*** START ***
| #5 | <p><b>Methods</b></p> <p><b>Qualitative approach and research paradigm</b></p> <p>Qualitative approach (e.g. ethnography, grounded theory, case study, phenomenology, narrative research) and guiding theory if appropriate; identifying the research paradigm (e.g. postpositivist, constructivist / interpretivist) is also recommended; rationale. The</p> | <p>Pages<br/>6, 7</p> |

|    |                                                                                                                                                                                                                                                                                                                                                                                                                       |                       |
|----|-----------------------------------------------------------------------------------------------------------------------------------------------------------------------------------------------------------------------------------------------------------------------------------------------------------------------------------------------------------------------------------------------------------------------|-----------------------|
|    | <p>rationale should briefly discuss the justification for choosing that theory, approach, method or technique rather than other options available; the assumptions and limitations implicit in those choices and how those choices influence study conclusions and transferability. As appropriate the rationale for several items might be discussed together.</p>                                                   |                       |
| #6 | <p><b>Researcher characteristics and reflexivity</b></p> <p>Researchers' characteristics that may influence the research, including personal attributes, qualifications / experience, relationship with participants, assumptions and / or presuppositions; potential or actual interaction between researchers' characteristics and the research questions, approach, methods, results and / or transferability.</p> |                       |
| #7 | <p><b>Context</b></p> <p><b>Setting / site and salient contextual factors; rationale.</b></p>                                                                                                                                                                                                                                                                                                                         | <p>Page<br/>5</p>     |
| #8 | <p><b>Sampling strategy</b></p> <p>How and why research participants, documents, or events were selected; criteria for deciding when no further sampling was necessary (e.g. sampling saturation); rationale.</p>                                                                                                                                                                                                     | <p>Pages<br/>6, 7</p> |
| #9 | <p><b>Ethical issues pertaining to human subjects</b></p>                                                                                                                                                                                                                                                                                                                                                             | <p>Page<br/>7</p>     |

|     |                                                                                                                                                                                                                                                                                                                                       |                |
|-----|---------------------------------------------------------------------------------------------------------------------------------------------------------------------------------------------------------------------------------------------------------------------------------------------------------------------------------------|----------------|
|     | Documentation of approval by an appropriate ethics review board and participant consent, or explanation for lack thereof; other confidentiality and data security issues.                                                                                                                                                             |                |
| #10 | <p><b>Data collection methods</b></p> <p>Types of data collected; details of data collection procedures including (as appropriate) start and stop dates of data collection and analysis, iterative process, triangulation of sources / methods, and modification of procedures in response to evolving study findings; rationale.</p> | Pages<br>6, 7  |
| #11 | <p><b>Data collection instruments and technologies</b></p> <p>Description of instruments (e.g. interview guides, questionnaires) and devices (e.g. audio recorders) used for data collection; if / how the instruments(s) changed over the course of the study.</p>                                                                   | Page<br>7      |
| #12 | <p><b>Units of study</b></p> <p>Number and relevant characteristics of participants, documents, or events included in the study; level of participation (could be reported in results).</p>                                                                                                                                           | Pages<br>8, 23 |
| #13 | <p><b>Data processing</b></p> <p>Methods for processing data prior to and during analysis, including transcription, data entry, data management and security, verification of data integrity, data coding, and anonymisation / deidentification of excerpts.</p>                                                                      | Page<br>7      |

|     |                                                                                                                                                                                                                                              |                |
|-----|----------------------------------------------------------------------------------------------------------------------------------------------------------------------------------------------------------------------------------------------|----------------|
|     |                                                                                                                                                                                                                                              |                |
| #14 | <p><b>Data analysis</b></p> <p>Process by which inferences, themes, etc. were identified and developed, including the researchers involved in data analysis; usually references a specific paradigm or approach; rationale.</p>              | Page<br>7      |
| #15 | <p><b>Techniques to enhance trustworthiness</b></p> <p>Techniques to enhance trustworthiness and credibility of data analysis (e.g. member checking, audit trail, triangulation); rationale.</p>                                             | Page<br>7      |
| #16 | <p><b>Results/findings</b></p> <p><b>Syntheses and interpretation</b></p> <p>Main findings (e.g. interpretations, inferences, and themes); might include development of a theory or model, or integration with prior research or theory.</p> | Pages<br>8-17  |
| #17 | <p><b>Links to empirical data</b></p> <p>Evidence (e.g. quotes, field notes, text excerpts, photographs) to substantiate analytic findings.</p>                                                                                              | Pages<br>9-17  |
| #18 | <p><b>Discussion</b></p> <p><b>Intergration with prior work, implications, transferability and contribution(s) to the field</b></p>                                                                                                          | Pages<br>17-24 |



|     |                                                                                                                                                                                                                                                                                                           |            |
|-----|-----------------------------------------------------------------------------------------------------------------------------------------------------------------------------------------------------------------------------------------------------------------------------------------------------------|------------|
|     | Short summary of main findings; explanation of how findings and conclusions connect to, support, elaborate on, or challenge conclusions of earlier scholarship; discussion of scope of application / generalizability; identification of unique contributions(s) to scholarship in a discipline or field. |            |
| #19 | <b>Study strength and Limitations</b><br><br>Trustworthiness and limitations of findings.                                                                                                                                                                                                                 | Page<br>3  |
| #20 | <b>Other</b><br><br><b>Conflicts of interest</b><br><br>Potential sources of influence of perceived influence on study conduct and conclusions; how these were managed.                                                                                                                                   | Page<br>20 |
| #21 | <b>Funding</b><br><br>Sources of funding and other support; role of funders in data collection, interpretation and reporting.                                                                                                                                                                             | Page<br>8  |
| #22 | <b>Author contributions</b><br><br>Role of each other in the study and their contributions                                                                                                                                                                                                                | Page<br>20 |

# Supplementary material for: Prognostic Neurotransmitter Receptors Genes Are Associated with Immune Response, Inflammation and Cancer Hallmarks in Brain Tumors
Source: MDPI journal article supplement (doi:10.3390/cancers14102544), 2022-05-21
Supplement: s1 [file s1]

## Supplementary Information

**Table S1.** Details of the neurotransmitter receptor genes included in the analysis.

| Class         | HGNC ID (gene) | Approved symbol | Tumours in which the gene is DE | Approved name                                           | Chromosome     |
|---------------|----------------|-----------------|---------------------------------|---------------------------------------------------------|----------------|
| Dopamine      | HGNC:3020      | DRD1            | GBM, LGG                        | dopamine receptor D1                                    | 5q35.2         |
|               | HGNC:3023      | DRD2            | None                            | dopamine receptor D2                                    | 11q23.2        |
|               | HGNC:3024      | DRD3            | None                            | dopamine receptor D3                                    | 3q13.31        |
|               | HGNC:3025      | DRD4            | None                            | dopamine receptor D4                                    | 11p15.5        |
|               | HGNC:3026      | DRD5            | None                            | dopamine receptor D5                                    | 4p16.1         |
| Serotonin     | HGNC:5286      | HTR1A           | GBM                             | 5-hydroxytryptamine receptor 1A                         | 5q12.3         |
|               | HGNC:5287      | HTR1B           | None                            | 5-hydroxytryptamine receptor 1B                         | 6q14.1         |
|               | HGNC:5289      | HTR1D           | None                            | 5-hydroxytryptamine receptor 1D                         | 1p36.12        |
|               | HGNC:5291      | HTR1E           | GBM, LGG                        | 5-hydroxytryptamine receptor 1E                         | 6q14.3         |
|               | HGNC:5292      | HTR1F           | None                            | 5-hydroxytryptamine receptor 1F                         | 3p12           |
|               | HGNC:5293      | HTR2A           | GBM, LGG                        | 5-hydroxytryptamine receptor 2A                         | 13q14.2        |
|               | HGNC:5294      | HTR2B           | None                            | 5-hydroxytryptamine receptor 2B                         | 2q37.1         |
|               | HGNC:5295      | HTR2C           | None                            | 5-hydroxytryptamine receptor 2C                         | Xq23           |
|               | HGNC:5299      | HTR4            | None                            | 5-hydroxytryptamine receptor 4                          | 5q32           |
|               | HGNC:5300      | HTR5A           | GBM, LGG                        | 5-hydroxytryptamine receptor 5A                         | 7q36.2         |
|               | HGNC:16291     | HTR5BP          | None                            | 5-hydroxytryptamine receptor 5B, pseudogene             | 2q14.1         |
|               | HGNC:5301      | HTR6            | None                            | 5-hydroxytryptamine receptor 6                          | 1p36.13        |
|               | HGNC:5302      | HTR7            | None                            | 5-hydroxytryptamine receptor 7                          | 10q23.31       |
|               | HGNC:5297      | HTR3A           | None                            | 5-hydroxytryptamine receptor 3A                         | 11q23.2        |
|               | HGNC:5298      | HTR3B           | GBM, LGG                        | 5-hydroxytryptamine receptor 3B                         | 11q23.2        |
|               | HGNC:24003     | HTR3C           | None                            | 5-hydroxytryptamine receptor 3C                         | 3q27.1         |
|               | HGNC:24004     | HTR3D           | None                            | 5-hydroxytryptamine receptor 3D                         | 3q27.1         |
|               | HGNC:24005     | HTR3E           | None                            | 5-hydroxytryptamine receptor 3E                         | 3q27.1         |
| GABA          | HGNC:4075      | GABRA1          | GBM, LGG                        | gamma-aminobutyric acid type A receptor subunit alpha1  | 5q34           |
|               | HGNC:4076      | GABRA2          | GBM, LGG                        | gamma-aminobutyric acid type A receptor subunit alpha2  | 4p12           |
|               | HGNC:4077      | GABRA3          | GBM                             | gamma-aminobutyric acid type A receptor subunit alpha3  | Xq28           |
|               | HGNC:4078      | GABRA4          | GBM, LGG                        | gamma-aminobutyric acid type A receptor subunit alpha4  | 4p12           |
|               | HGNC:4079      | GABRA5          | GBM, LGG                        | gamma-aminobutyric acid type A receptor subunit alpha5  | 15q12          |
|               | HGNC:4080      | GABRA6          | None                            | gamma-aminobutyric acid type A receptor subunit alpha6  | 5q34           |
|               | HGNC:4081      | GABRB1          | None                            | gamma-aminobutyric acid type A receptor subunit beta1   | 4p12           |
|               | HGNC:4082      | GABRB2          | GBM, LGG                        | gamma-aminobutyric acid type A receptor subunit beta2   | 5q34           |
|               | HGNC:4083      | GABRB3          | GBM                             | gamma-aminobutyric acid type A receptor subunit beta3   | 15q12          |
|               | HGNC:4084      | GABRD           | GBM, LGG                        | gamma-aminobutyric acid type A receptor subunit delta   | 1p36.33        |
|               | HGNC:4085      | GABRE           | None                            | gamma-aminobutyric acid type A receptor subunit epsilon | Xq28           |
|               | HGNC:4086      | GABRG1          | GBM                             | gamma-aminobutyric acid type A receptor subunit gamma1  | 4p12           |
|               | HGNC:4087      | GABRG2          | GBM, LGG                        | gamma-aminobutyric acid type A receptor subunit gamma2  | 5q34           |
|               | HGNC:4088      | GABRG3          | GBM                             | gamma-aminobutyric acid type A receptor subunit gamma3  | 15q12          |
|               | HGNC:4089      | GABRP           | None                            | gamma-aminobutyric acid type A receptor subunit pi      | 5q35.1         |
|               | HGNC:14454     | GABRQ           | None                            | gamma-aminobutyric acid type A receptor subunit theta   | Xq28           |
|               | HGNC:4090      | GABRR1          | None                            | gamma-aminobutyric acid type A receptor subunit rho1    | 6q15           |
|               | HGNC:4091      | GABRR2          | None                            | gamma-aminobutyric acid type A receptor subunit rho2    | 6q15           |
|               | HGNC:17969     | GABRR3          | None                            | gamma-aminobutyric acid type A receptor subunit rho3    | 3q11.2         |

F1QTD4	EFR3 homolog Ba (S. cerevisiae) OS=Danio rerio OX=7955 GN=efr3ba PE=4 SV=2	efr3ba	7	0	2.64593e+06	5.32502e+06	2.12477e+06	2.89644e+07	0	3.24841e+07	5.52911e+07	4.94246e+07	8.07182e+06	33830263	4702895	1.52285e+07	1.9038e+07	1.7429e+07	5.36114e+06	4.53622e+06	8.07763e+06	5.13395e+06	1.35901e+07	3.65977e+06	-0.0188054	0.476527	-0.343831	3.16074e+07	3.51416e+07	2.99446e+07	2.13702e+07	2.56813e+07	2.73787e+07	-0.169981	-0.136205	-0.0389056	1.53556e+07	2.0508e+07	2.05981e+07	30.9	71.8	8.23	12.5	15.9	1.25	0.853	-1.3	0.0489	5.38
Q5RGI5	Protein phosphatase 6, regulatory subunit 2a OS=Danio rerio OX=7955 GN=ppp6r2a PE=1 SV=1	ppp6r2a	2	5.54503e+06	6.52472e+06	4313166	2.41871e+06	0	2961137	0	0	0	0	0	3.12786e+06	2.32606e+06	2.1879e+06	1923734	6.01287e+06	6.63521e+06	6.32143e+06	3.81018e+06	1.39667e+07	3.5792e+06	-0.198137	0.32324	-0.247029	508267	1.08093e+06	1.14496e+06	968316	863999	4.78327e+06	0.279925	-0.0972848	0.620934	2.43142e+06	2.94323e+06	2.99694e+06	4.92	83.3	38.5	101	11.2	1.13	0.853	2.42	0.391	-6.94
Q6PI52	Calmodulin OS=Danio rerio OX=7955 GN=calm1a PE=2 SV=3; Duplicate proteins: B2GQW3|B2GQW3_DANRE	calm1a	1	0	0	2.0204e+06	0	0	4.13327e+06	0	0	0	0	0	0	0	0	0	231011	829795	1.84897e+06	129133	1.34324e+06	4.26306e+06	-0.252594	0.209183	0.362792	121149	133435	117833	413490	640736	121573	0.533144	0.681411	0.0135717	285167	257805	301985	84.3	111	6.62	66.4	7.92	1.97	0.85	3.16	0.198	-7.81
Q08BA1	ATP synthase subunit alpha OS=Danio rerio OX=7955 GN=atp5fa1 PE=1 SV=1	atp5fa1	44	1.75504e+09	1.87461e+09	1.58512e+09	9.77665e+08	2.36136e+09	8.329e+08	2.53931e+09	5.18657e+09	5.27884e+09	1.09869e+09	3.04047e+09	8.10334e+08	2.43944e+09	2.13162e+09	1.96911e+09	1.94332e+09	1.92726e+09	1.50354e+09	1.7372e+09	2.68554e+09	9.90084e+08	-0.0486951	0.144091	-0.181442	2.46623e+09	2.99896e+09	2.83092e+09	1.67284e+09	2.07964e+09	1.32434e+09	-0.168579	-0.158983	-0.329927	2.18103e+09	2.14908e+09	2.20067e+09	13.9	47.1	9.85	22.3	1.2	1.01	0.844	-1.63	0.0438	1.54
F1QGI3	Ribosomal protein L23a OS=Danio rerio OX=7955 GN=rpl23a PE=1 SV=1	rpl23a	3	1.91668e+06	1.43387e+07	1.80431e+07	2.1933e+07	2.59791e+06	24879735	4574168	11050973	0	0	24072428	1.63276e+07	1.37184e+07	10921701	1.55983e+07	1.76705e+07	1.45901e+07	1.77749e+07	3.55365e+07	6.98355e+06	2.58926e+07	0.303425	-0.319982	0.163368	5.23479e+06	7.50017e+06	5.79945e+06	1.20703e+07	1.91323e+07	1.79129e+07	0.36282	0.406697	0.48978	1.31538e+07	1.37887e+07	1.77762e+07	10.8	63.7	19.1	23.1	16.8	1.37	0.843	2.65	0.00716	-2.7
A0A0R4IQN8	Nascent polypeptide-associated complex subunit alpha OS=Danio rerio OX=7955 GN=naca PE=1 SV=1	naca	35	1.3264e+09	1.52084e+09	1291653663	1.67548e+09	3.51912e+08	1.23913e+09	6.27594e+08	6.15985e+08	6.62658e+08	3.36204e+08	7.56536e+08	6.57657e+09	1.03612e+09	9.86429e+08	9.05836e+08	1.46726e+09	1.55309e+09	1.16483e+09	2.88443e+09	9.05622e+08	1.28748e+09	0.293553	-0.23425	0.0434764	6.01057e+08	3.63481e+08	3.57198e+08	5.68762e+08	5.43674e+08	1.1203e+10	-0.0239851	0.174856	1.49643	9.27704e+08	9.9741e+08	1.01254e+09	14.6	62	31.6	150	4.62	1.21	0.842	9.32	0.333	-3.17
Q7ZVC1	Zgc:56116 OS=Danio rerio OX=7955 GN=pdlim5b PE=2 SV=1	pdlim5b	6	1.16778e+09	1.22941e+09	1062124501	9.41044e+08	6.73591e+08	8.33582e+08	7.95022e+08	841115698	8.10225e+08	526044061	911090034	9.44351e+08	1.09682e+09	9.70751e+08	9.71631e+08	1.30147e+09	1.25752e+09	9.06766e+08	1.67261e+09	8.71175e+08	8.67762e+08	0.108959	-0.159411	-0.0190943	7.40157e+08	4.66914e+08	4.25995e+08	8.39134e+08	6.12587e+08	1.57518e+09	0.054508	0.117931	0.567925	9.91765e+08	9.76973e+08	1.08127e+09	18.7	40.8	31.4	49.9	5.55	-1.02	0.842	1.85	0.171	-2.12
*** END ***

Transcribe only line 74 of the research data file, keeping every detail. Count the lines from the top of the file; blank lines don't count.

|               | HGNC:4088      | GABRG3          | GBM                             | gamma-aminobutyric acid type A receptor subunit gamma3  | 15q12          |